Health Watch: Gingivitis Treatment for Dogs

April 30, 2019
If your dog is diagnosed with gingivitis, just remember it's a common oral condition. If you keep it under control it shouldn't impact your dog's daily life too much.

Gingivitis is one of the most common oral infections in dogs, but luckily the treatment for it isn’t too complicated. It’s basically a progressive form of inflammation that attacks the gums, but it can even spread to the bone tissue if not kept under control.

Today, we’re going to talk about the symptoms and treatment for gingivitis in dogs, and how you can prevent it.

What causes gingivitis in dogs?

Most dental illnesses happen as a result of dental plaque buildup, and gingivitis is no exception. It generally happens with dogs if you don’t fight the plaque often enough, and it lives too long in your dog’s mouth. Let’s take a deeper look at exactly how it happens, so you can get a better idea of its symptoms and how to treat it.

There are some kinds of bacteria that live naturally in your dog’s mouth. When you don’t brush their teeth, you’re letting food scraps build up between their teeth and gums. That organic waste is food for the bacteria already living in your dog’s mouth. By “feeding” them, you’re helping them grow and spread much faster.

If that happens, it’ll lead to an overpopulation of those bacteria in your dog’s mouth. From there, plaque will start to form. Dental plaque sticks to their teeth, and once it reacts with the enamel and saliva, it ends up forming tartar. 

Once the tartar sticks to your dog’s teeth, the bacteria keep on spreading. If you don’t do anything about it in time, they end up getting into its gums. That’s when the gum inflammation, or gingivitis, truly starts.

A close-up showing a dog's mouth.

Symptoms of gingivitis in dogs

Gingivitis tends to develop and progress silently. The first symptoms are hard to diagnose at a quick glance. This is why it’s especially important to check your dog’s mouth periodically to make sure there aren’t any issues.

The first clear sign of gingivitis is generally a thin red line in the part where the teeth and gums meet. It’s also very likely that you’ll notice your dog’s gums are red and bigger than usual. If the gingivitis has already progressed, its gums might start to bleed or develop sores.

However, gingivitis can also bring some much more complex symptoms for dogs, especially without proper treatment. Here are some of the most common symptoms you’ll see:

  • Halitosis (bad breath)
  • Trouble chewing
  • Loss of appetite
  • Excessive salivation
  • Constant scratching around the mouth
  • Gingival hyperplasia (an unusual increase in gum size)
  • Not letting you touch it around the mouth, or reacting negatively when you try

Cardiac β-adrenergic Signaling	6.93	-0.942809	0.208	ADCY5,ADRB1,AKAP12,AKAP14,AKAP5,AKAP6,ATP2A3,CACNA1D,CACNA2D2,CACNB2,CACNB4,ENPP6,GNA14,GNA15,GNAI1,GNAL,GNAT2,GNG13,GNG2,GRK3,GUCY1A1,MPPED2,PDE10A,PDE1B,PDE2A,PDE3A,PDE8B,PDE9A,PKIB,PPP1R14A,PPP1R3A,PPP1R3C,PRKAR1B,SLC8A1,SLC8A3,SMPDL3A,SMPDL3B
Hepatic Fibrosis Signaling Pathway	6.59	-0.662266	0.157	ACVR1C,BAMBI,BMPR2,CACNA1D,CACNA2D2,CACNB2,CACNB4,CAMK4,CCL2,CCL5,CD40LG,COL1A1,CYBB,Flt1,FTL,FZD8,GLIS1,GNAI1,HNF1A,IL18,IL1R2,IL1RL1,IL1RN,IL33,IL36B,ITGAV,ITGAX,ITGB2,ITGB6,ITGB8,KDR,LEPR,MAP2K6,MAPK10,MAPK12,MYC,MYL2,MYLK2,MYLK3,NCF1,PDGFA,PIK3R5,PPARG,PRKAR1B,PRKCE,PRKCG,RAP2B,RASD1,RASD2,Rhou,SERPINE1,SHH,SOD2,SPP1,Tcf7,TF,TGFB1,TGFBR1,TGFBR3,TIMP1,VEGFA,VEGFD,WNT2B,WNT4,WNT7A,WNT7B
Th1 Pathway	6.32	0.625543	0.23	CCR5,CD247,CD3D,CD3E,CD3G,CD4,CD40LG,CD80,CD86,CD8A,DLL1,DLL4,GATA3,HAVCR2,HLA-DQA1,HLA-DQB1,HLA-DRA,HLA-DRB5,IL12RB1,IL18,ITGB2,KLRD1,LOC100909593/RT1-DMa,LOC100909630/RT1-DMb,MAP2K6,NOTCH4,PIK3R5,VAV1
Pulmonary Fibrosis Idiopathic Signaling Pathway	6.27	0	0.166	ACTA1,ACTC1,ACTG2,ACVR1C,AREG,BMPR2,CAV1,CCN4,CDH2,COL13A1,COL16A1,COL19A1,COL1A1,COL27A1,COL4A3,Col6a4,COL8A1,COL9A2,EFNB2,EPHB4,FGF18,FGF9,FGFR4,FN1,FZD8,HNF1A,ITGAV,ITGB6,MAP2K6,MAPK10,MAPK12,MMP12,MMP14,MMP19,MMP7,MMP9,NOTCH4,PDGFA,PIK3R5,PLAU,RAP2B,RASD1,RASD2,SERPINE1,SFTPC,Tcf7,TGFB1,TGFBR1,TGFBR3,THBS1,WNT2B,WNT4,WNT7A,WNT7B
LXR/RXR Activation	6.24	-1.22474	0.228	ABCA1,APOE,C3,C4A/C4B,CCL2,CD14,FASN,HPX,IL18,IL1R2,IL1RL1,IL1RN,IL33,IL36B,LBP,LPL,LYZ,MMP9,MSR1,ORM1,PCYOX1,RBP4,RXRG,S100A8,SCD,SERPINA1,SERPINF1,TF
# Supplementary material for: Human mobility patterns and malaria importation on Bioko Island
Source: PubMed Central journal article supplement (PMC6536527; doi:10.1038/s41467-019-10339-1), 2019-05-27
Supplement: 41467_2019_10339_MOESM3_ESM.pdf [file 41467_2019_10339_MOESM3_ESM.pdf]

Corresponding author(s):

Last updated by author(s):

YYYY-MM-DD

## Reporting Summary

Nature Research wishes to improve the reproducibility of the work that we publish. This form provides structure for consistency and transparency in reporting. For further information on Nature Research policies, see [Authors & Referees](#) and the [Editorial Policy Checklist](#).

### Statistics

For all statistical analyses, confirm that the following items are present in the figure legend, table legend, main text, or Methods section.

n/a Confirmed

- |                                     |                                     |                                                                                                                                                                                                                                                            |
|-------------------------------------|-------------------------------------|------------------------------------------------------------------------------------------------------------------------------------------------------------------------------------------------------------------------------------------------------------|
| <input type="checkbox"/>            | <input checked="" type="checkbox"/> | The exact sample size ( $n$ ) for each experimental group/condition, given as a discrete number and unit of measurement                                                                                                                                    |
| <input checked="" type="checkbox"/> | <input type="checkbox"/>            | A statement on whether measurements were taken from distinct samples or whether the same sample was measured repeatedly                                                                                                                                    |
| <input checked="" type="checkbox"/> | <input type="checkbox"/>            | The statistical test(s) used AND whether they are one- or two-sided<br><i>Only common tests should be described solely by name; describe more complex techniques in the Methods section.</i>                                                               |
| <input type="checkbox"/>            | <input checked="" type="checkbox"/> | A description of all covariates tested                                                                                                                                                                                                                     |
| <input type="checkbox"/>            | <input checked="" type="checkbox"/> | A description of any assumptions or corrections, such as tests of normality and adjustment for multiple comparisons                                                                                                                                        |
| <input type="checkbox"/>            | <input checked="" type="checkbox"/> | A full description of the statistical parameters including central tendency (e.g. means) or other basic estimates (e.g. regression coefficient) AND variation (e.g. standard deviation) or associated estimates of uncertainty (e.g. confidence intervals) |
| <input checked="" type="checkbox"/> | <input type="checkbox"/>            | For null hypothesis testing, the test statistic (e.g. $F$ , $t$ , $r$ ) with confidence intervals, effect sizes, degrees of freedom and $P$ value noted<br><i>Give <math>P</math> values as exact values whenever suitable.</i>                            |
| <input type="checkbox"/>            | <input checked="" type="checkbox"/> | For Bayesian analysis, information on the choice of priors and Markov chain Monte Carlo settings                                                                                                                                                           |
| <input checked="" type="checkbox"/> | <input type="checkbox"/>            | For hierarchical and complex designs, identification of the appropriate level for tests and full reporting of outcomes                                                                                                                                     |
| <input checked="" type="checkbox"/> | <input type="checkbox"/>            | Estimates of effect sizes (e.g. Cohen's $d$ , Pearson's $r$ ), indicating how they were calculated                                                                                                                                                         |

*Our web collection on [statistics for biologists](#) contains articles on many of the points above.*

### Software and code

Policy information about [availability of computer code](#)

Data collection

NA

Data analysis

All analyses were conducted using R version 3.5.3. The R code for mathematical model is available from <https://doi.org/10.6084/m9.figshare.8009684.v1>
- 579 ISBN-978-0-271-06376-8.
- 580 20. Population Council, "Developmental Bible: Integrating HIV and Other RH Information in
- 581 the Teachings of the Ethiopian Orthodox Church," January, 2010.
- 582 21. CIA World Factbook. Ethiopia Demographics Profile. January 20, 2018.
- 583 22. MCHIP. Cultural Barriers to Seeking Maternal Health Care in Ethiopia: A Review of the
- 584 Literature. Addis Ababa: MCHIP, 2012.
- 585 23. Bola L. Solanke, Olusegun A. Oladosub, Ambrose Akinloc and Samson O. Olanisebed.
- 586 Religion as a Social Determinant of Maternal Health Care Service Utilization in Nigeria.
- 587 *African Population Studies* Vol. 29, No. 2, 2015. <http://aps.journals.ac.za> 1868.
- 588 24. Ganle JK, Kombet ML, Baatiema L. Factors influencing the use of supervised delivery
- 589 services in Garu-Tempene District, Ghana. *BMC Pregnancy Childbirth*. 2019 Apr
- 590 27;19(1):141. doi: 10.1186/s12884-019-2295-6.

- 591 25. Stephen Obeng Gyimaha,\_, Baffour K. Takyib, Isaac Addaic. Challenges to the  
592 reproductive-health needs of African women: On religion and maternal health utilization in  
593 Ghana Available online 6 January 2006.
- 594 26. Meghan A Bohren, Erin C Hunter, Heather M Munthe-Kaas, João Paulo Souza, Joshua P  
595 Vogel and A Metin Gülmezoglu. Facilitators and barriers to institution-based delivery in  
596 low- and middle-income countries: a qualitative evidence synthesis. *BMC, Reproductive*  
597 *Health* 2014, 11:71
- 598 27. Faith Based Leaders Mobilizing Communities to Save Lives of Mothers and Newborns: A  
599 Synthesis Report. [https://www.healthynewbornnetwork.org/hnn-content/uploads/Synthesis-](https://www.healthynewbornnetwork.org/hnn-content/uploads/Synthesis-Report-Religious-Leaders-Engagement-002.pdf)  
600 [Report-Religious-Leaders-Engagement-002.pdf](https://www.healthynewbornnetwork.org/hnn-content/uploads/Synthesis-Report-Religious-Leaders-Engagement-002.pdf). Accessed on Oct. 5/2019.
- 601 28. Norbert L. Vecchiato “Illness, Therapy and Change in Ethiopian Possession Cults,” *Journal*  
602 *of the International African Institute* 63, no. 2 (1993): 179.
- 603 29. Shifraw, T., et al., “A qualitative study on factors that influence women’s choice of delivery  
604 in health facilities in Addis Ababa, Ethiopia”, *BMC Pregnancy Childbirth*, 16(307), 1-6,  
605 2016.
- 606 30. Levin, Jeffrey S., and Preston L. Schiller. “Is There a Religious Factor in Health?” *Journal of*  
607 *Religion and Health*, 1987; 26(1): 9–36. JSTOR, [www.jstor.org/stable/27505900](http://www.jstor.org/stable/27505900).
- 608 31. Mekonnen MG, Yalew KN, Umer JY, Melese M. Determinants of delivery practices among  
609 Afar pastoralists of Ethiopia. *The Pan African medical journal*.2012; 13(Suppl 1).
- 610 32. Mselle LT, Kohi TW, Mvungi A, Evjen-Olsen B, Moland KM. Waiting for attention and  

• Changes in behavior, generally related to the pain caused by the inflammation

If you don’t treat it in time, the bacteria will keep on pushing and get into the bone and muscle tissues next to the teeth. That could lead to a much more serious problem: periodontal disease, or gum disease. It’s a condition that can actually make your dog lose teeth.

Gingivitis treatment for dogs.

Gingivitis treatment for dogs

If you spot any changes in your dog’s mouth or teeth, you should take it to the vet as soon as you can. They can examine your dog’s mouth and carry out all the tests to see how its oral health is, and how far the bacteria has gotten.

Gingivitis treatment for dogs depends a lot on what stage the condition is in. Antibiotics are generally a vital part of treatment, because it’s a bacterial illness.

In minor cases, the antibiotics are usually topical and help to relieve the inflammation and get rid of the bacteria. With more serious cases, the antibiotics might be pills or injections because your dog needs a much stronger medicine to fight against the spreading bacteria.

Your vet might also prescribe it some pain relievers to help with the pain and keep your dog from suffering too much during the treatment.

Surgery

If necessary, they may also perform surgery after the treatment to get rid of the tartar on your dog’s teeth. Doing that will help prevent the gingivitis from coming back. As usual, though, this depends on how healthy your dog is.

If the bacteria have reached the bone tissue in your dog’s mouth, your vet will have to check to see if the bone structure around its teeth has been damaged. If that’s the case, then they may have to do surgery to extract one or more of your dog’s teeth.

  • Paula G. Toriggia. 2014. Enfermedad periodontal en el perro. Extraído de: http://repositoriouba.sisbi.uba.ar/gsdl/collect/posgrauba/index/assoc/HWA_1473.dir/1473.PDF
  • M. Moreiro, X. Roura, A. Lloret, M. Planellas. 2008. Hospital Clínico Veterinario UAB-UPA. GINGIVOESTOMATITIS LINFOPLASMOCITARIA EN PERROS. Extraído de: https://ddd.uab.cat/pub/clivetpeqani/11307064v28n4/11307064v28n4p277.pdf